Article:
Trust and safety has become a critical business function for digital platforms and services. We look at why it’s so important, how it works and common challenges.

Content moderation for online services and communities is a hot topic of debate. Companies need to protect users and their brand, while grappling with issues around freedom of expression, misinformation, cyberbullying, radicalization, and more.

Trust and safety is the larger force behind content moderation. And increasingly, it requires investigators to adopt new levels of security and anonymity to avoid risk to themselves, their devices, and their company.

So what is trust and safety? Why is it important? And how does it work?

Understanding trust and safety

Evolving beyond just fraud prevention, trust and safety is now a business-critical discipline for building a culture of care, protection and positive experiences for all parties interacting with a company’s platform or services. Trust and safety teams focus on identifying and resolving potentially harmful situations, mitigating risks and establishing a foundation of confidence.

Typically, teams focus on key areas, such as:

  • Ensuring integrity of services: promoting customer/user confidence by establishing and enforcing policies for acceptable use and compliance
  • Protecting users of online services: preventing fraud and account takeovers or avoiding phishing scams
  • Protecting online services platforms: managing security threats and protecting from brand misuse around their services and how they operate

Learn more: Online markets move to block fake vaccination cards >

Why is trust and safety important?

Trust and safety teams are playing an increasingly critical role in helping companies protect customers from harmful content and preserve brand reputation. While automated moderation systems may flag content and usage violations as well as fraud, analysts need to understand the whole story behind an issue. Deeper research is often needed for scenarios such as:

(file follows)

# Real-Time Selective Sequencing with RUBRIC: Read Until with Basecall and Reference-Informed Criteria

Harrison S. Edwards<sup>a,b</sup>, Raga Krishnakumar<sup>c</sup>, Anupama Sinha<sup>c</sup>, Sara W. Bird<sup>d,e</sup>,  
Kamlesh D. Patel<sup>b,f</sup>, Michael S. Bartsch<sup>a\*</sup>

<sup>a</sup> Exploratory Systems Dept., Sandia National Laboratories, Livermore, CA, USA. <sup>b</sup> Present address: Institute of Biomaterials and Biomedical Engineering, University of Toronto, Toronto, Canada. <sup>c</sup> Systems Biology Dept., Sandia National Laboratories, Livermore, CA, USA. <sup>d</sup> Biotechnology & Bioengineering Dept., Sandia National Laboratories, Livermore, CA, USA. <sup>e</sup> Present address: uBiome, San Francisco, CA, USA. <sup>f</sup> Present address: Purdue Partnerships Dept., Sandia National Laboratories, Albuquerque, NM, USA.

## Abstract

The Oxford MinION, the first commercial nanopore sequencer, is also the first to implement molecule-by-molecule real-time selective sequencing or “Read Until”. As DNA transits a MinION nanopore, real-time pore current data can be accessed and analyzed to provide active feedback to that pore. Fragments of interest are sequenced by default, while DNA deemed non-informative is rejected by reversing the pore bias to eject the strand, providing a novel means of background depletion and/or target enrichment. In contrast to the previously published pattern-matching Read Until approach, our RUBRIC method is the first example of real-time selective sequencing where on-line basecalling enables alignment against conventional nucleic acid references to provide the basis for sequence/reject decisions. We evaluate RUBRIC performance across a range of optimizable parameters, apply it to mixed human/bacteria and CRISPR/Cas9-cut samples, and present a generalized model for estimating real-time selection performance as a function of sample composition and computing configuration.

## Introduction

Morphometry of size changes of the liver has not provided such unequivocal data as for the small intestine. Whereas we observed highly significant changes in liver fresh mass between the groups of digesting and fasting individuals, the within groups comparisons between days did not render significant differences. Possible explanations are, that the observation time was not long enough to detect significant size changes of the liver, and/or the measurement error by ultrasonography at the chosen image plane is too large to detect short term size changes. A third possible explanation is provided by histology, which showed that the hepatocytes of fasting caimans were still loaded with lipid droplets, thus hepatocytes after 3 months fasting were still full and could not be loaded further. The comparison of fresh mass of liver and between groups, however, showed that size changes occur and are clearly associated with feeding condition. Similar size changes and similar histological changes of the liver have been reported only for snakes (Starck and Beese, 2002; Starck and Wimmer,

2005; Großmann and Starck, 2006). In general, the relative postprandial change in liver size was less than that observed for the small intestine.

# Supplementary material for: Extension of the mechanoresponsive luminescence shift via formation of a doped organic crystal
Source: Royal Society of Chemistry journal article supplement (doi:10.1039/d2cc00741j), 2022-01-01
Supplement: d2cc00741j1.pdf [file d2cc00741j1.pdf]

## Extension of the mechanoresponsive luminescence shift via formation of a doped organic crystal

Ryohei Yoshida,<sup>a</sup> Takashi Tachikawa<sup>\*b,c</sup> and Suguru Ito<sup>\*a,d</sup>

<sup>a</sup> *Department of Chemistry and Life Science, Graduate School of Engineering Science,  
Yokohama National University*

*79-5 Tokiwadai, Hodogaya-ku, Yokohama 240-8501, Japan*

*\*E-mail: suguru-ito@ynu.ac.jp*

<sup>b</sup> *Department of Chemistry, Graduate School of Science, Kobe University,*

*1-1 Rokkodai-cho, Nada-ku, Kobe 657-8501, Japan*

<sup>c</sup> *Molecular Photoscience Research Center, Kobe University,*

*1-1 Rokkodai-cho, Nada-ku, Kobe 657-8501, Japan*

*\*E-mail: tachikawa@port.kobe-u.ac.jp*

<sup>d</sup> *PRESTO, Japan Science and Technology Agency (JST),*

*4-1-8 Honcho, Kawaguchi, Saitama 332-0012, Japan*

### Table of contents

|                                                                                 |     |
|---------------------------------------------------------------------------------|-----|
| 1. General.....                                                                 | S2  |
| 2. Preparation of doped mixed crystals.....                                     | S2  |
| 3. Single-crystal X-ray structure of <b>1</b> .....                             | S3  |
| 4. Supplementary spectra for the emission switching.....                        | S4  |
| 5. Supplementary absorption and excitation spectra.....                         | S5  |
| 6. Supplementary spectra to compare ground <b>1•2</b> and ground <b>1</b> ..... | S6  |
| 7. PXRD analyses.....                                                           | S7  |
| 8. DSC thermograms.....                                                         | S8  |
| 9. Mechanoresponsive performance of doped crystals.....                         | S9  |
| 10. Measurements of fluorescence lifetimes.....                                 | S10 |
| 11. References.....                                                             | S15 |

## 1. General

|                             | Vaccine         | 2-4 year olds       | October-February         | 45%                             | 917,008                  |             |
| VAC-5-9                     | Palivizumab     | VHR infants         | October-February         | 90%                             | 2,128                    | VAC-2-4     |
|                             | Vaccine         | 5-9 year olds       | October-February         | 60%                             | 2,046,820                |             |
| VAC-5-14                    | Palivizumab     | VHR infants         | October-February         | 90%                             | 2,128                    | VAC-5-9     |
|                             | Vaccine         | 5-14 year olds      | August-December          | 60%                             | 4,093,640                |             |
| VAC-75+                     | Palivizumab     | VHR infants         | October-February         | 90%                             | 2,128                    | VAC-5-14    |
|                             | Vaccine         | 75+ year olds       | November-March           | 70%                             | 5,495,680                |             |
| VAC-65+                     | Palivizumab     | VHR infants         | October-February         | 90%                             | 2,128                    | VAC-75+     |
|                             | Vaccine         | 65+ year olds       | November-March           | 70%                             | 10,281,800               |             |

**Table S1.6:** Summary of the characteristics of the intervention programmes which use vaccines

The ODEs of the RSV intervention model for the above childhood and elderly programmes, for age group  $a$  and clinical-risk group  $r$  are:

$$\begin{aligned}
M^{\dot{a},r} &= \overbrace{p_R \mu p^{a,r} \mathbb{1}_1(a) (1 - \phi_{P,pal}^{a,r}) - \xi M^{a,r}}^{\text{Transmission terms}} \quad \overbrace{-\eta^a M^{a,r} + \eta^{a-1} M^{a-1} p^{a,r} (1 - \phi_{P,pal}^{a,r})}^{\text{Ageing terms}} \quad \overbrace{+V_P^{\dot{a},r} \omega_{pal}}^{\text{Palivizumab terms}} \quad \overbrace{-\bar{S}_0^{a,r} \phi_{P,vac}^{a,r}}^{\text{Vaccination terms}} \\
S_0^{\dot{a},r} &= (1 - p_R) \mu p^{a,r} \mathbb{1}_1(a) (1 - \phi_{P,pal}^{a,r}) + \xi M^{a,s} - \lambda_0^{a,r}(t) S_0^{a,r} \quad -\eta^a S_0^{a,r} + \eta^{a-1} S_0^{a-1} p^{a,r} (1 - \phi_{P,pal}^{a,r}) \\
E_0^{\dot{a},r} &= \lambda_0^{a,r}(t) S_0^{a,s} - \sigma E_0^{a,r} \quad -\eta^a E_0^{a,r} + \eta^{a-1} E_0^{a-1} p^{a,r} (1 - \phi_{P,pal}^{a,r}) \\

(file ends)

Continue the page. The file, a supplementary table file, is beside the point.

• Acceptable use enforcement: content moderation and site integrity maintenance, including review of harmful assets from hate groups and criminal enterprises, and phishing and malware-driven posts targeting the community
  • Marketplace surveillance: identifying, removing and potentially reporting to law enforcement counterfeit, stolen or fake digital and physical goods for sale
  • Fraud investigations: inquiries into compromised accounts (e.g., account takeovers and fake accounts) created using stolen credit cards and identity theft to make purchases, scam or phish other users, and spread malware

Learn more: COMB makes billions of leaked credentials easily discoverable >

Particularly with social media platforms and online forums, trust and safety is vital. Potential abuses can represent a wide range of risks for users. For example, analysts need to keep an eye out for “low risk’ abuses like spam or toxic language, ‘severe risk’ abuses like cyberbullying, doxxing and harassing, and ‘extreme risk’ abuses like selling child pornography online, spreading misinformation, and recruiting new members to terrorist groups.”

Trust and safety issues may also become heightened if minors are using the platform or services. The business may need to conform to more strict regulations around what’s considered appropriate use.

Another rising concern has been the effort to limit damaging disinformation. COVID conspiracies are a prime example. By early 2021, Facebook had removed more than 18 million posts on Facebook and Instagram “for violating its Covid-19 misinformation policy,” according to Bloomberg. Despite concerns around freedom of expression, many companies have chosen to take a stand to avoid the spread of content that could harm other users and damage the integrity of the community or the brand.

Regulations demand trust and safety action